“It would be a whole lot similar to a graveside service people are used to, except the casket would be a different type of material,” he said. “It is an older way of doing things but maybe the reason somebody would choose it is a newer way of thinking.”
The body arrives at the preserve where the rest of the preparations take place. Whispering Hills is certified as a natural burial ground by The Green Burial Council, a nonprofit organization based in California that outlines standards and best practices for the industry.
The graves are dug and GPS coordinates are marked so family members can locate their loved one after the burial. Graves for shrouded bodies are dug about three feet deep and those for containers are just a little bit deeper.
The regular dirt and topsoil are separated out. The regular dirt is poured over the shroud or container first, and then the topsoil is added back to encourage plant growth. Special flora from the property are then planted over the grave.
“If you bury them three feet down, they pretty much just go back to nature,” Ralph said as he stood in front of a model grave during a nearly hour and a half tour of the property this week.
“You’ve got microbial action. …If you took a shovel and dug that up and got yourself a petri dish and started messing around with it, pretty soon you’d see things growing,” he added. “I mean, it’s all alive. You don’t think about that but it is.”
A rock found on the property becomes the headstone, listing the person’s name, their birth date and their death date.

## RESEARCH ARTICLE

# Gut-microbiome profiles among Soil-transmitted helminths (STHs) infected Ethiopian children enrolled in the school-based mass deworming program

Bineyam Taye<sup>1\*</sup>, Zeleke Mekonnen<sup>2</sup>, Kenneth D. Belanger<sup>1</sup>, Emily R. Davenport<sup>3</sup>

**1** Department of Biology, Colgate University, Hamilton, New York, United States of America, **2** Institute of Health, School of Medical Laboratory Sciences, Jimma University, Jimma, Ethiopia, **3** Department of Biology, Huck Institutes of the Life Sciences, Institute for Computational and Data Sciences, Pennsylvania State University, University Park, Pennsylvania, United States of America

The process is generally cheaper than a standard funeral. A single space for a natural burial at Whispering Hills costs $3,000. You can also bury or scatter your loved one’s ashes for $450. The ashes are combined with specially formulated soil to encourage plant growth.
Green burials represent a very small but growing segment of America’s funeral industry. The National Funeral Directors Association reports 14% of Americans over age 40 say they would choose green burial and around 62% are open to exploring it.
The association predicts the number of cremations in the United States will soar over the coming decades, accounting for 78.4% in 2040.
Higgins, the LaGrange funeral director, said the concept of green burials could become more widely accepted over time – just as cremation is now.
“Once that change does happen, it’s hard to kind of turn it back,” he said. “Cremation, 20 to 30 years ago, was a very small percentage of the market. …It might happen slowly, but I do think the demand will increase for green burials as time goes along.”
WHY BURY A LOVED ONE AT WHISPERING HILLS?
The first ceremony at Whispering Hills was not the burial of a body. At noon Thursday, the ashes of Kathleen Harmon, May Raby and Alan Raby came to rest on the preserve.
Kemp Freeman held onto the ashes of the three for several years. Kathleen is his mother, May is his grandmother and Alan is his uncle.
He waited for the right moment to let them go, finally deciding on Whispering Hills. He wanted to keep his mother’s side of the family together in Troup County, and Alan was friends with Ralph Howard. It just felt right.
“It’s a pretty place. God led me in that direction,” he said. “It puts them in a place that is peaceful.”
Little, the retired state court judge, said when her time comes, she’ll be wrapped in a shroud and buried somewhere on the Whispering Hills land.
She’s always felt at peace in nature. As a young girl, Little’s mother quoted poems often. One of her favorites was the second stanza of Henry Wadsworth Longfellow’s “A Psalm of Life:”
Life is real! Life is earnest!
And the grave is not its goal;
Dust thou art, to dust returnest,
Was not spoken of the soul.
It is the spirit that lives on, not the flesh and body, Little said.
“The soul is gone, so the body is no longer,” she said. “I’d like for it to become a part of nature instead of stuck in a box forever and ever, taking up space in this beautiful world we’ve got.”